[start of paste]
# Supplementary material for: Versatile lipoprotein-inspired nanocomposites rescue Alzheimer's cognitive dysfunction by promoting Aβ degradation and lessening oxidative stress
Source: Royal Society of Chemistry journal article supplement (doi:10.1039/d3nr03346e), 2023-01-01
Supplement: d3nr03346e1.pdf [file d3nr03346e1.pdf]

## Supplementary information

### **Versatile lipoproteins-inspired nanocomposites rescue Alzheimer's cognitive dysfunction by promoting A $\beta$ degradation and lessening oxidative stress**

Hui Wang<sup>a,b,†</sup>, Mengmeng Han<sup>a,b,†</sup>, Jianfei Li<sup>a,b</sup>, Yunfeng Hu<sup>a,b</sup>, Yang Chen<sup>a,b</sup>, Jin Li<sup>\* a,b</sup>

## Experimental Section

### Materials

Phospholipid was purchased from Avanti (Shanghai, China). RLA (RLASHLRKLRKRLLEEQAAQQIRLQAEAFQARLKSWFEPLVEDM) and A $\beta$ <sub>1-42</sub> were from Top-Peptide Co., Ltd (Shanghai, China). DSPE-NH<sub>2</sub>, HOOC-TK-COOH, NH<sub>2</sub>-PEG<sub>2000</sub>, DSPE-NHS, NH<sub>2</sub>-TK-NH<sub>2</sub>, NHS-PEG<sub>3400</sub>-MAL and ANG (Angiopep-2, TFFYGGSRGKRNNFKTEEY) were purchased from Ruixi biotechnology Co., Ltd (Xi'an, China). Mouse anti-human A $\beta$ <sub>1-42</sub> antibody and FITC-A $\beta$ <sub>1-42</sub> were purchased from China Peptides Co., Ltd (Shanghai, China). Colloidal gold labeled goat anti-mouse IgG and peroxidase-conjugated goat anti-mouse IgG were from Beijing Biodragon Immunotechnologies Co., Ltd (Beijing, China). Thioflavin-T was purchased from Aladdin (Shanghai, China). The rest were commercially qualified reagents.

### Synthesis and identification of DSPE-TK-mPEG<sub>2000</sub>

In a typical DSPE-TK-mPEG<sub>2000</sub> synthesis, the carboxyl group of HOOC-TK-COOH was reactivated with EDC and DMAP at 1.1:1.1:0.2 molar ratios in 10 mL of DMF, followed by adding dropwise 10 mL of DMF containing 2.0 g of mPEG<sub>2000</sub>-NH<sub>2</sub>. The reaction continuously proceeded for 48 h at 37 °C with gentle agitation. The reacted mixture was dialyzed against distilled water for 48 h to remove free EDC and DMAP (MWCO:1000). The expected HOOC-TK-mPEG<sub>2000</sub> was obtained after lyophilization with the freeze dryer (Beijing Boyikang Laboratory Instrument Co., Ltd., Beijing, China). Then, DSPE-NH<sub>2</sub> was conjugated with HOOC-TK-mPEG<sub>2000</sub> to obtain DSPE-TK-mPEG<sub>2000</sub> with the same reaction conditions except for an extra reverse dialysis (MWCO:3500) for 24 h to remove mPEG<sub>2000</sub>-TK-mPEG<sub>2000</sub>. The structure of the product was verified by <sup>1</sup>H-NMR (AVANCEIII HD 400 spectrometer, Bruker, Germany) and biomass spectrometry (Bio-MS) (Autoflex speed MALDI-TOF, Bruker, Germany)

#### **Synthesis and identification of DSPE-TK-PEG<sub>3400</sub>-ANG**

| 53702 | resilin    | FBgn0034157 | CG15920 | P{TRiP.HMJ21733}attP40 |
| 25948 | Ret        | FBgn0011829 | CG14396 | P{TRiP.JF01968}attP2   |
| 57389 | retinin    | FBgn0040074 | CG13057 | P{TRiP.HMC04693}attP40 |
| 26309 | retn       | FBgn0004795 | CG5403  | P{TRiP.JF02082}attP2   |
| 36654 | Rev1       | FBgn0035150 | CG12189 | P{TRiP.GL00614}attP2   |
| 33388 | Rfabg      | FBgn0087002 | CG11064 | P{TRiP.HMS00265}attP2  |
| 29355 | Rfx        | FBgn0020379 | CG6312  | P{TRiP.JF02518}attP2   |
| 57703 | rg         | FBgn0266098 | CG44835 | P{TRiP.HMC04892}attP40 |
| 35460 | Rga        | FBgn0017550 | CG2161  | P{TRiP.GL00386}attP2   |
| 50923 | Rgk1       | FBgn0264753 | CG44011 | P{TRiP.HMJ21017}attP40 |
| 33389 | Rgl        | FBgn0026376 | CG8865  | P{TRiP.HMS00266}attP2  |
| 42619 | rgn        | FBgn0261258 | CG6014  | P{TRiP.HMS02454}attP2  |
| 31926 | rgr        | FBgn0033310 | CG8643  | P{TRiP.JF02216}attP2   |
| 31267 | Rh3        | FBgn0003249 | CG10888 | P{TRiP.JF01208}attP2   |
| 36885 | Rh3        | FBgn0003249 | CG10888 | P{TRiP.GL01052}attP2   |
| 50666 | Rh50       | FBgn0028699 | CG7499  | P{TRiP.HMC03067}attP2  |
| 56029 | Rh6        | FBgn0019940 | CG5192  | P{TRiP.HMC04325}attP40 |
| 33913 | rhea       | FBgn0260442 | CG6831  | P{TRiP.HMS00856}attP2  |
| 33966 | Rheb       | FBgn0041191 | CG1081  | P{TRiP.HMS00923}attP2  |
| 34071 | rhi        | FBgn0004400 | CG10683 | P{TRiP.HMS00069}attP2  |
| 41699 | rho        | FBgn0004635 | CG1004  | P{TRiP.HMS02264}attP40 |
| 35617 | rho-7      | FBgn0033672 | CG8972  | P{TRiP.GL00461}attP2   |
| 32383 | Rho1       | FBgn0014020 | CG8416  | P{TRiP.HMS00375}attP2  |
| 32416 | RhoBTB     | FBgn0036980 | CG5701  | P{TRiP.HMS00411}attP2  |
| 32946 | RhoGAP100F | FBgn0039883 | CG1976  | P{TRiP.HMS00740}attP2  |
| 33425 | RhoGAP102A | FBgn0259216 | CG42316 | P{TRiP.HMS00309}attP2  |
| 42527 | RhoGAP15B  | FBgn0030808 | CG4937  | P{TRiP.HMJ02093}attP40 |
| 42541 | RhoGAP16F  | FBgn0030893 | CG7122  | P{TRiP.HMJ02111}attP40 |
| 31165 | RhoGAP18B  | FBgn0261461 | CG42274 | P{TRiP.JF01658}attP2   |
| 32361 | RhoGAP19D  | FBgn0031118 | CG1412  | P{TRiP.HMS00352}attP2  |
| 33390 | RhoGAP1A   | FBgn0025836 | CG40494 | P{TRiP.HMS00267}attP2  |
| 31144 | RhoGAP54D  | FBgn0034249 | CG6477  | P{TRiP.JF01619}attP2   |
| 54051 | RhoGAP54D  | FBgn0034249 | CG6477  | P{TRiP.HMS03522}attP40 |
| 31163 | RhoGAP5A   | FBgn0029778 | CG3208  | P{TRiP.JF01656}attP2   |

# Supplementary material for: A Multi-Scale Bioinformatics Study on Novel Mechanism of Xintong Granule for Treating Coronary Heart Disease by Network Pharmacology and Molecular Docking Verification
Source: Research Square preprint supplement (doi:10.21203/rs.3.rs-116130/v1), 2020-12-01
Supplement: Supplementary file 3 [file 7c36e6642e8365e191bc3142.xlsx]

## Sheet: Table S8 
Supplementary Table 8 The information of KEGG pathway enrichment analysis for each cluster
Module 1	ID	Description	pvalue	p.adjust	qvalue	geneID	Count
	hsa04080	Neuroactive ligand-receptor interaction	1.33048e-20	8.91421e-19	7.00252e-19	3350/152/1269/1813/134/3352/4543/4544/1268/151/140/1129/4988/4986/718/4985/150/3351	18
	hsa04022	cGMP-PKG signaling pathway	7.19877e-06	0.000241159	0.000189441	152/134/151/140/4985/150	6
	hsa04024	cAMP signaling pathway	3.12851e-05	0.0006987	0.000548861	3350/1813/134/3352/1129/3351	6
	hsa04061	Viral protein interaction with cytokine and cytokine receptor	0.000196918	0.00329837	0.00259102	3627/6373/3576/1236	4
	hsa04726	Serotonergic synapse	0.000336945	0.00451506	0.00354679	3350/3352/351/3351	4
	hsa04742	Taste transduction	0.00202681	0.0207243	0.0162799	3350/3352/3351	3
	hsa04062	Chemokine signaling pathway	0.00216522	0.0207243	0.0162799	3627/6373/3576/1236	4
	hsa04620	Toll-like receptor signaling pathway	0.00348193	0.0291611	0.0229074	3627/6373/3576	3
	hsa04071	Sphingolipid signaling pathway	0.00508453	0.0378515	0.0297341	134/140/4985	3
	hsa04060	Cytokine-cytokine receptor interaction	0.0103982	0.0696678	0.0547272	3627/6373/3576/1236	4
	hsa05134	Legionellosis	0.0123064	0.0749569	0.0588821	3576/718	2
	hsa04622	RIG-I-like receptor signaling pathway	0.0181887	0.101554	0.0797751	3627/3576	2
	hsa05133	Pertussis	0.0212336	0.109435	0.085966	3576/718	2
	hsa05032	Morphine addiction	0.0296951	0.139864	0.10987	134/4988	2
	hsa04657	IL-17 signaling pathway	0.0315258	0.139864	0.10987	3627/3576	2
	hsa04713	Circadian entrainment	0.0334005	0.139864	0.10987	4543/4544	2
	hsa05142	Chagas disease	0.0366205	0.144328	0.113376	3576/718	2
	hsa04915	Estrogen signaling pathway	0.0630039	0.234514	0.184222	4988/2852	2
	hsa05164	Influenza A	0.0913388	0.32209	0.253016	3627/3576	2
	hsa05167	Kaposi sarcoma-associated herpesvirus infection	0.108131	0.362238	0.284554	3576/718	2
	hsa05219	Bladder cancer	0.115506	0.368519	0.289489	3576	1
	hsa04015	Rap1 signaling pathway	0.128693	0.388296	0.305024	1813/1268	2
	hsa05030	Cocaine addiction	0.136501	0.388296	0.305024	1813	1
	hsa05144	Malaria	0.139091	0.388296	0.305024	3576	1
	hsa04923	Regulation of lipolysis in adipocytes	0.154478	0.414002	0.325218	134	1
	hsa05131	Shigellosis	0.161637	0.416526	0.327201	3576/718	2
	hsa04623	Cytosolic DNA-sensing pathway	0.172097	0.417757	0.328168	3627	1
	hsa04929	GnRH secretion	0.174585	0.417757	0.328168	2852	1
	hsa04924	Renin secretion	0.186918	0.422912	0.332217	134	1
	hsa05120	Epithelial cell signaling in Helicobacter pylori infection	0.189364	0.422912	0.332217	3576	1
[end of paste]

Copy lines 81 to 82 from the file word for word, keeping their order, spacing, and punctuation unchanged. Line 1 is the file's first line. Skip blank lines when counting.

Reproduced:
	hsa04924	Renin secretion	0.186918	0.422912	0.332217	134	1
	hsa05120	Epithelial cell signaling in Helicobacter pylori infection	0.189364	0.422912	0.332217	3576	1